Transcriptome analyses by DNA microarray experiments were performed as described by Kleine et al. . Specifically, precultures of the respective C. glutamicum strains in CGXII medium containing 4% glucose were grown to an OD600 of 5–6 and used to inoculate the main cultures in the same medium to an OD600 of 0.5, which subsequently were grown to the mid-exponential growth phase. The main cultures were then splitted into two cultures and IPTG was added to a final concentration of 1 mM to one of the cultures. The cells were harvested 30 min after IPTG addition by pouring the cultures into ice-containing tubes precooled to − 20 °C followed by centrifugation (3 min, 4200×g, 4 °C). The cell pellets were quickly frozen in liquid nitrogen and stored at − 80 °C until use for RNA isolation and synthesis of fluorescently labeled cDNA as described by Möker et al. . All DNA microarray analyses were performed with custom-made DNA microarrays based on 70mer oligonucleotides obtained from Operon Biotechnologies. The comparisons were performed in three independent biological replicates. The experimental details for handling these microarrays are described elsewhere . Processed and normalized data as well as experimental details were stored in an inhouse microarray database for further analysis . The full microarray data sets of this study have also been deposited in the NCBI Gene Expression Omnibus and can be found under the GEO Accession number GSE140735. Preparation of whole cell extracts and supernatant fractions of C. glutamicum strains for subsequent analysis by SDS-PAGE were performed as described by Meissner et al. . Cutinase activity in the culture supernatant fractions was determined as previously described . Alkaline phosphatase (PhoA) activity in the culture supernatant fractions was determined as previously described by Darmon et al. .
Availability of data and materials
All data generated or analysed during this study are included in this published article and its additional files
Quax WJ. Merits of secretion of heterologous proteins from industrial microorganisms. Folia Microbiol. 1997;42:99–103.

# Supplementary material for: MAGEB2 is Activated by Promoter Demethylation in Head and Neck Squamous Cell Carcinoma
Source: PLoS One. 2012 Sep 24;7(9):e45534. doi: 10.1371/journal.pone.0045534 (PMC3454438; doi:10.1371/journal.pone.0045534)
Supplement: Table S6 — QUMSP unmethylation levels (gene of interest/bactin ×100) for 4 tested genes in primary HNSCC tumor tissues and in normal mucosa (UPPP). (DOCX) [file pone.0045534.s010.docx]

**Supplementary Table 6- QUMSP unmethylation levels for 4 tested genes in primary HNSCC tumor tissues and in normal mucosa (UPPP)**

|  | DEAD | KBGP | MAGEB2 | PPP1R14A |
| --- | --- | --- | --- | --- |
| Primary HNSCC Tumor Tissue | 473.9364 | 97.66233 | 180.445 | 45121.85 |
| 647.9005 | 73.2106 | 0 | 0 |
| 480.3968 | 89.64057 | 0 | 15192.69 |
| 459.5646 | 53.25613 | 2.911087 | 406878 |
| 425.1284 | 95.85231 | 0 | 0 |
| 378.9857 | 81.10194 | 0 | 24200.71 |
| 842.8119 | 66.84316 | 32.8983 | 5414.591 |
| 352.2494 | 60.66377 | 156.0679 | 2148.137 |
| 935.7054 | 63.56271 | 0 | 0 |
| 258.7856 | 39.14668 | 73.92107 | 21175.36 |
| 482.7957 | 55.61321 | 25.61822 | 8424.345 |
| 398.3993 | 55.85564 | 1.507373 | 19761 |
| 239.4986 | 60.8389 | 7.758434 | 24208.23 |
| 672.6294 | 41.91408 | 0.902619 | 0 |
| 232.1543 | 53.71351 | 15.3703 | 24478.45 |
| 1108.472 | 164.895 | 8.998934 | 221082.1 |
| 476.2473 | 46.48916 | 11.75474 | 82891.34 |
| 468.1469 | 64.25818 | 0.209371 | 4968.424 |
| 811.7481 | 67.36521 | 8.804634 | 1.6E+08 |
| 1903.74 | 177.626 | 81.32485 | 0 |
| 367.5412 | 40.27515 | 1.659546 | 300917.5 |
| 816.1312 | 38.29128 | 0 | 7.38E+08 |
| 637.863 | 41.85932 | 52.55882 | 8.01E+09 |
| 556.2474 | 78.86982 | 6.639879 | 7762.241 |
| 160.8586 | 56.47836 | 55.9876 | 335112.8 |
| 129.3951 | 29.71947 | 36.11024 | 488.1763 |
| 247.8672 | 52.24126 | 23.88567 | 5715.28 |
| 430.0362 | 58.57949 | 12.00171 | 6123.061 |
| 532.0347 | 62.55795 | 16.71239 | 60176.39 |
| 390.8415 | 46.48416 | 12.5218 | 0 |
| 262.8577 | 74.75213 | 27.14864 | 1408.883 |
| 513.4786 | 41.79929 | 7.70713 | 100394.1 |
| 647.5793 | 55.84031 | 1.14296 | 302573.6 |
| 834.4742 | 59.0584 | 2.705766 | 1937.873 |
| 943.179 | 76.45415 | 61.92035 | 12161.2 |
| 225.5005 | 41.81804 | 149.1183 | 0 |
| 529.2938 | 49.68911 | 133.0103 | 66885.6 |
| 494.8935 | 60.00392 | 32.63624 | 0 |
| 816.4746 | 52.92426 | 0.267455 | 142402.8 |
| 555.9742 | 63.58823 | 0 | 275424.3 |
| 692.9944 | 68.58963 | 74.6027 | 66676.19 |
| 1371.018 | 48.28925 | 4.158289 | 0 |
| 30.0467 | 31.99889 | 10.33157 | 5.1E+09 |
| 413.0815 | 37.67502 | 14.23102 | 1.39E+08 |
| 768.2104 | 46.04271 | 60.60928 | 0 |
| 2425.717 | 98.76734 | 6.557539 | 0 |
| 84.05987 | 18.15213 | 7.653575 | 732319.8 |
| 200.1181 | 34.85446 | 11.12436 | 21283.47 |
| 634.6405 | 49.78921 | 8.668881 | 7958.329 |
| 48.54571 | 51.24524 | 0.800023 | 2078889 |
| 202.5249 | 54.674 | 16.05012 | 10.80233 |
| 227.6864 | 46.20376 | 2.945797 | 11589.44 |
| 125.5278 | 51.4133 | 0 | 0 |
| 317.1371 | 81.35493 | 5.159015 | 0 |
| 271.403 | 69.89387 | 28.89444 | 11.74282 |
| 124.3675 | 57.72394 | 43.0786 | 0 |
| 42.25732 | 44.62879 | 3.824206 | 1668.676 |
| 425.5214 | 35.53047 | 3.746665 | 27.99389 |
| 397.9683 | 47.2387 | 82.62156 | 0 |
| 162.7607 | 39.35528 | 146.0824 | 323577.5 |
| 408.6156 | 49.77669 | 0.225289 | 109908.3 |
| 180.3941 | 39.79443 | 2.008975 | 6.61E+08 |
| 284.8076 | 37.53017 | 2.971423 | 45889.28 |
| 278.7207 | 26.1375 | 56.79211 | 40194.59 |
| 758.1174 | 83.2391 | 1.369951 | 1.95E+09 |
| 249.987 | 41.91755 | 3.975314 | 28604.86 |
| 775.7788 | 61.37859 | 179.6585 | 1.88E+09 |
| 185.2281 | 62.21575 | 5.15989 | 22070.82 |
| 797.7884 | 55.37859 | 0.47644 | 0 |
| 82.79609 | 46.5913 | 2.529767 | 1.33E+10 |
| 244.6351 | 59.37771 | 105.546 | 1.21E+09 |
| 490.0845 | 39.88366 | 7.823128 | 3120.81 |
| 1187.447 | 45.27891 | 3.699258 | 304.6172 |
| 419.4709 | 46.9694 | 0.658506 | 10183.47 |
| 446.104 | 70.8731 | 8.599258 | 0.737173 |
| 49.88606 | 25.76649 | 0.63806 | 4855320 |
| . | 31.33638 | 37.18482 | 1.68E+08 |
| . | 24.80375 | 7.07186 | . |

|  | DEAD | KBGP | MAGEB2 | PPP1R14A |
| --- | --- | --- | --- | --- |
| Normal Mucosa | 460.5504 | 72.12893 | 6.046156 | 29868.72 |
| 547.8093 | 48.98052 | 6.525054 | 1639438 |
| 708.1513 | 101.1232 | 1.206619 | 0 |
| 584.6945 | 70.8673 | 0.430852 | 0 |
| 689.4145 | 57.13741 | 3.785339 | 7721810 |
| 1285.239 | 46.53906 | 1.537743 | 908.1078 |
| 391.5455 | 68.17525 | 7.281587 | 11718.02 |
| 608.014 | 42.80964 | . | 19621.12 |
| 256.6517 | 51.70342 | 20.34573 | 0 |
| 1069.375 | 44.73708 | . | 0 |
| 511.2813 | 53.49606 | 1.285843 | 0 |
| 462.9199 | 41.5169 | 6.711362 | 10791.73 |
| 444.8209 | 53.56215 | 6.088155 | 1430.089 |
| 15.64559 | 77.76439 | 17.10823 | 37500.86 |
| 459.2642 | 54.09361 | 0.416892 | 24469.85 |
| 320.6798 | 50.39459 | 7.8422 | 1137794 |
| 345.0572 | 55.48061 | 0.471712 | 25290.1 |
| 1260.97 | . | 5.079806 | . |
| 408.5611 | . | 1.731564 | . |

Lee JY, Na YA, Kim ES, Lee HS, Kim P. The actinobacterium Corynebacterium glutamicum, an industrial workhorse. J Microbiol Biotechnol. 2016;26:807–22.
Becker J, Gießelmann G, Hoffmann SL, Wittmann C. Corynebacterium glutamicum for sustainable bioproduction: from metabolic physiology to systems metabolic engineering. Adv Biochem Eng Biotechnol. 2018;162:217–64.
Freudl R. Beyond amino acids: use of the Corynebacterium glutamicum cell factory for the secretion of heterologous proteins. J Biotechnol. 2017;258:101–9.
Vertès AA. Protein secretion systems of Corynebacterium glutamicum. In: Yukawa H, Inui M, editors. Corynebacterium glutamicum. Biology and biotechnology, vol. 23. Heidelberg: Springer; 2013. p. 351–89.
Freudl R. Leaving home ain’t easy: protein export systems in Gram-positive bacteria. Res Microbiol. 2013;164:664–74.
Rusch SL, Kendall DA. Interactions that drive Sec-dependent bacterial protein transport. Biochemistry. 2007;46:9665–73.
Denks K, Vogt A, Sacchelaru I, Petriman NA, Kudva R, Koch HG. The Sec translocon mediated protein transport in prokaryotes and eukaryotes. Mol Membr Biol. 2014;31:58–84.
Dalbey RE, Wang P, van Dijl JM. Membrane proteases in the bacterial protein secretion and quality control pathway. Microbiol Mol Biol Rev. 2012;76:311–50.
Hemmerich J, Moch M, Jurischka S, Wiechert W, Freudl R, Oldiges M. Combinatorial impact of Sec signal peptides from Bacillus subtilis and bioprocess conditions on heterologous cutinase secretion by Corynebacterium glutamicum. Biotechnol Bioeng. 2019;116:644–55.
Brockmeier U, Caspers M, Freudl R, Jockwer A, Noll T, Eggert T. Systematic screening of all signal peptides from Bacillus subtilis: a powerful strategy in optimizing heterologous protein secretion in Gram-positive bacteria. J Mol Biol. 2006;362:393–402.
Freudl R. Signal peptides for recombinant protein secretion in bacterial expression systems. Microb Cell Fact. 2018;17:52.
Rohe P, Venkanna D, Kleine B, Freudl R, Oldiges M. An automated workflow for enhancing microbial bioprocess optimization on a novel microbioreactor platform. Microb Cell Fact. 2012;11:144.
Freier L, Hemmerich J, Schöler K, Wiechert W, Oldiges M, von Lieres E. Framework for Kriging-based iterative experimental analysis and design: optimization of secretory protein production in Corynebacterium glutamicum. Eng Life Sci. 2016;16:538–49.
Raivio TL, Silhavy TJ. Periplasmic stress and ECF sigma factors. Annu Rev Microbiol. 2001;55:591–624.
Meltzer M, Hasenbein S, Mamant N, Merdanovic M, Poepsel S, Hauske P, Kaiser M, Huber R, Krojer T, Clausen T, Ehrmann M. Structure, function and regulation of the conserved serine proteases DegP and DegS of Escherichia coli. Res Microbiol. 2009;160:660–6.
Hyyryläinen HL, Bolhuis A, Darmon E, Muukkonen L, Koski P, Vitikainen M, Sarvas M, Pragai Z, Bron S, van Dijl JM, Kontinen VP. A novel two-component regulatory system in Bacillus subtilis for the survival of severe secretion stress. Mol Microbiol. 2001;41:1159–72.
Westers H, Westers L, Darmon E, van Dijl JM, Quax WJ, Zanen G. The CssRS two-component regulatory system controls a general secretion stress response in Bacillus subtilis. FEBS J. 2006;273:3816–27.